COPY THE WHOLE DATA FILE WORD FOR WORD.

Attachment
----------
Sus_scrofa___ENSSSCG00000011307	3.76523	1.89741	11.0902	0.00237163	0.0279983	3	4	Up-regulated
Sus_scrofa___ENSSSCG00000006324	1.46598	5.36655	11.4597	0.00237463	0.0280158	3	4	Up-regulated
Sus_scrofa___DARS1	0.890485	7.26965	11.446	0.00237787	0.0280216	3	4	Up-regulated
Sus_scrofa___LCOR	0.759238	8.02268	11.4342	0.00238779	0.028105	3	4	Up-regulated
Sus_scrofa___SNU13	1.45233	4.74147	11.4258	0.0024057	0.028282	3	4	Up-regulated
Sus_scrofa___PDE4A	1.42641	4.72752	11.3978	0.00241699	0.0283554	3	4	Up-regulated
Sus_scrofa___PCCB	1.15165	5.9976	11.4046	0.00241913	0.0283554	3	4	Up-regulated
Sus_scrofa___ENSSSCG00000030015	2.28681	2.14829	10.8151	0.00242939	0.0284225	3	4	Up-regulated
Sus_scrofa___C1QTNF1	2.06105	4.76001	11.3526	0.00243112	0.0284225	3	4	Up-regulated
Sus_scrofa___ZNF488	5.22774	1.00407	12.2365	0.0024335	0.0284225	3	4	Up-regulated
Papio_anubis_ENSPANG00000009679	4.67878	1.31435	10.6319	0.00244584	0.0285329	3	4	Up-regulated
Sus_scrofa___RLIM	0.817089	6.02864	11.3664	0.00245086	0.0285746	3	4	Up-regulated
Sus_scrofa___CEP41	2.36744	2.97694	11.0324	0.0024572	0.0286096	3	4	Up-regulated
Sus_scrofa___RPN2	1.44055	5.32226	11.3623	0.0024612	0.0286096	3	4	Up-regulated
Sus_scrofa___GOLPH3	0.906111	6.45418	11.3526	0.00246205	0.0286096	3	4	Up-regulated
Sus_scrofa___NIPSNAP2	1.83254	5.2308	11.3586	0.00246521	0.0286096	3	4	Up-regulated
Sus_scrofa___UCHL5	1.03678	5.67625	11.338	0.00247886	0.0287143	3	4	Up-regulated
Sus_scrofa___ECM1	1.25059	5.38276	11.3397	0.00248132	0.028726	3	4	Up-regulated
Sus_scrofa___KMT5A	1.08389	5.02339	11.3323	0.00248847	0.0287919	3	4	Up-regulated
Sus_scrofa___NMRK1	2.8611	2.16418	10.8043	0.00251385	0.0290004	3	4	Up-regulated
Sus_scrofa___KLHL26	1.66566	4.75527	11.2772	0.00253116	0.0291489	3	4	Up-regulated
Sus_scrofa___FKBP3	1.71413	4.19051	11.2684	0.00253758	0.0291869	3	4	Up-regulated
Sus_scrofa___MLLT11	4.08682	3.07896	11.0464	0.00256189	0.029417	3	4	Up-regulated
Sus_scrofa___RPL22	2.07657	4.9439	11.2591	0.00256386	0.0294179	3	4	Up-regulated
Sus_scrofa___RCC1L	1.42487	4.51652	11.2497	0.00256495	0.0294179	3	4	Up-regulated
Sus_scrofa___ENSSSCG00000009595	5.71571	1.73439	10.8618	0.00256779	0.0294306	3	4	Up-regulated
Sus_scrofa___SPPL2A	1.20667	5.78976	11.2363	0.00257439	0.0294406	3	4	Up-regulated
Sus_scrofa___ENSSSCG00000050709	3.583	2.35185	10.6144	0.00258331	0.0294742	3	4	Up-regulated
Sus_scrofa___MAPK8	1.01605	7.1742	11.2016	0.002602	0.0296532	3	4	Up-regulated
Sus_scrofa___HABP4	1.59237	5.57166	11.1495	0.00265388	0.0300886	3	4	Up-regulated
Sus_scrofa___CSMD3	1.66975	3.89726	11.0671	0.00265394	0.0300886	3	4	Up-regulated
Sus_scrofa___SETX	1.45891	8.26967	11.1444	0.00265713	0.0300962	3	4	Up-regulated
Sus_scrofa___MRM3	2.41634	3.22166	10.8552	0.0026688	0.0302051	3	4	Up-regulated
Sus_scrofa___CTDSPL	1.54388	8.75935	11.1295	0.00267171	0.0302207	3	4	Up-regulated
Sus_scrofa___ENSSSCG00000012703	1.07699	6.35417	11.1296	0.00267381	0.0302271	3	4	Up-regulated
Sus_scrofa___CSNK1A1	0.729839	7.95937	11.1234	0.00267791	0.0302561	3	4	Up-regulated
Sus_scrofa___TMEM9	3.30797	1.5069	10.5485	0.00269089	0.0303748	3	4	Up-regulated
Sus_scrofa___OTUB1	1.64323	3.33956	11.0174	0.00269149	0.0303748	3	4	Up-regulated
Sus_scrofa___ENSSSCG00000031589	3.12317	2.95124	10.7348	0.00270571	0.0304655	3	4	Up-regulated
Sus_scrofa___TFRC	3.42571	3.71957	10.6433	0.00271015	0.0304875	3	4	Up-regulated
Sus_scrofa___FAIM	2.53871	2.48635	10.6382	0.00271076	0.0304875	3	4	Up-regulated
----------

Sus_scrofa___ENSSSCG00000011307	3.76523	1.89741	11.0902	0.00237163	0.0279983	3	4	Up-regulated
Sus_scrofa___ENSSSCG00000006324	1.46598	5.36655	11.4597	0.00237463	0.0280158	3	4	Up-regulated
Sus_scrofa___DARS1	0.890485	7.26965	11.446	0.00237787	0.0280216	3	4	Up-regulated
Sus_scrofa___LCOR	0.759238	8.02268	11.4342	0.00238779	0.028105	3	4	Up-regulated
Sus_scrofa___SNU13	1.45233	4.74147	11.4258	0.0024057	0.028282	3	4	Up-regulated
Sus_scrofa___PDE4A	1.42641	4.72752	11.3978	0.00241699	0.0283554	3	4	Up-regulated
Sus_scrofa___PCCB	1.15165	5.9976	11.4046	0.00241913	0.0283554	3	4	Up-regulated
Sus_scrofa___ENSSSCG00000030015	2.28681	2.14829	10.8151	0.00242939	0.0284225	3	4	Up-regulated
Sus_scrofa___C1QTNF1	2.06105	4.76001	11.3526	0.00243112	0.0284225	3	4	Up-regulated
Sus_scrofa___ZNF488	5.22774	1.00407	12.2365	0.0024335	0.0284225	3	4	Up-regulated
Papio_anubis_ENSPANG00000009679	4.67878	1.31435	10.6319	0.00244584	0.0285329	3	4	Up-regulated
Sus_scrofa___RLIM	0.817089	6.02864	11.3664	0.00245086	0.0285746	3	4	Up-regulated
Sus_scrofa___CEP41	2.36744	2.97694	11.0324	0.0024572	0.0286096	3	4	Up-regulated
Sus_scrofa___RPN2	1.44055	5.32226	11.3623	0.0024612	0.0286096	3	4	Up-regulated
Sus_scrofa___GOLPH3	0.906111	6.45418	11.3526	0.00246205	0.0286096	3	4	Up-regulated
Sus_scrofa___NIPSNAP2	1.83254	5.2308	11.3586	0.00246521	0.0286096	3	4	Up-regulated
Sus_scrofa___UCHL5	1.03678	5.67625	11.338	0.00247886	0.0287143	3	4	Up-regulated
Sus_scrofa___ECM1	1.25059	5.38276	11.3397	0.00248132	0.028726	3	4	Up-regulated
Sus_scrofa___KMT5A	1.08389	5.02339	11.3323	0.00248847	0.0287919	3	4	Up-regulated
Sus_scrofa___NMRK1	2.8611	2.16418	10.8043	0.00251385	0.0290004	3	4	Up-regulated
Sus_scrofa___KLHL26	1.66566	4.75527	11.2772	0.00253116	0.0291489	3	4	Up-regulated
Sus_scrofa___FKBP3	1.71413	4.19051	11.2684	0.00253758	0.0291869	3	4	Up-regulated
Sus_scrofa___MLLT11	4.08682	3.07896	11.0464	0.00256189	0.029417	3	4	Up-regulated
Sus_scrofa___RPL22	2.07657	4.9439	11.2591	0.00256386	0.0294179	3	4	Up-regulated
Sus_scrofa___RCC1L	1.42487	4.51652	11.2497	0.00256495	0.0294179	3	4	Up-regulated
Sus_scrofa___ENSSSCG00000009595	5.71571	1.73439	10.8618	0.00256779	0.0294306	3	4	Up-regulated
Sus_scrofa___SPPL2A	1.20667	5.78976	11.2363	0.00257439	0.0294406	3	4	Up-regulated
Sus_scrofa___ENSSSCG00000050709	3.583	2.35185	10.6144	0.00258331	0.0294742	3	4	Up-regulated
Sus_scrofa___MAPK8	1.01605	7.1742	11.2016	0.002602	0.0296532	3	4	Up-regulated
Sus_scrofa___HABP4	1.59237	5.57166	11.1495	0.00265388	0.0300886	3	4	Up-regulated
Sus_scrofa___CSMD3	1.66975	3.89726	11.0671	0.00265394	0.0300886	3	4	Up-regulated
Sus_scrofa___SETX	1.45891	8.26967	11.1444	0.00265713	0.0300962	3	4	Up-regulated
Sus_scrofa___MRM3	2.41634	3.22166	10.8552	0.0026688	0.0302051	3	4	Up-regulated
Sus_scrofa___CTDSPL	1.54388	8.75935	11.1295	0.00267171	0.0302207	3	4	Up-regulated
Sus_scrofa___ENSSSCG00000012703	1.07699	6.35417	11.1296	0.00267381	0.0302271	3	4	Up-regulated
Sus_scrofa___CSNK1A1	0.729839	7.95937	11.1234	0.00267791	0.0302561	3	4	Up-regulated
Sus_scrofa___TMEM9	3.30797	1.5069	10.5485	0.00269089	0.0303748	3	4	Up-regulated
Sus_scrofa___OTUB1	1.64323	3.33956	11.0174	0.00269149	0.0303748	3	4	Up-regulated
Sus_scrofa___ENSSSCG00000031589	3.12317	2.95124	10.7348	0.00270571	0.0304655	3	4	Up-regulated
Sus_scrofa___TFRC	3.42571	3.71957	10.6433	0.00271015	0.0304875	3	4	Up-regulated
Sus_scrofa___FAIM	2.53871	2.48635	10.6382	0.00271076	0.0304875	3	4	Up-regulated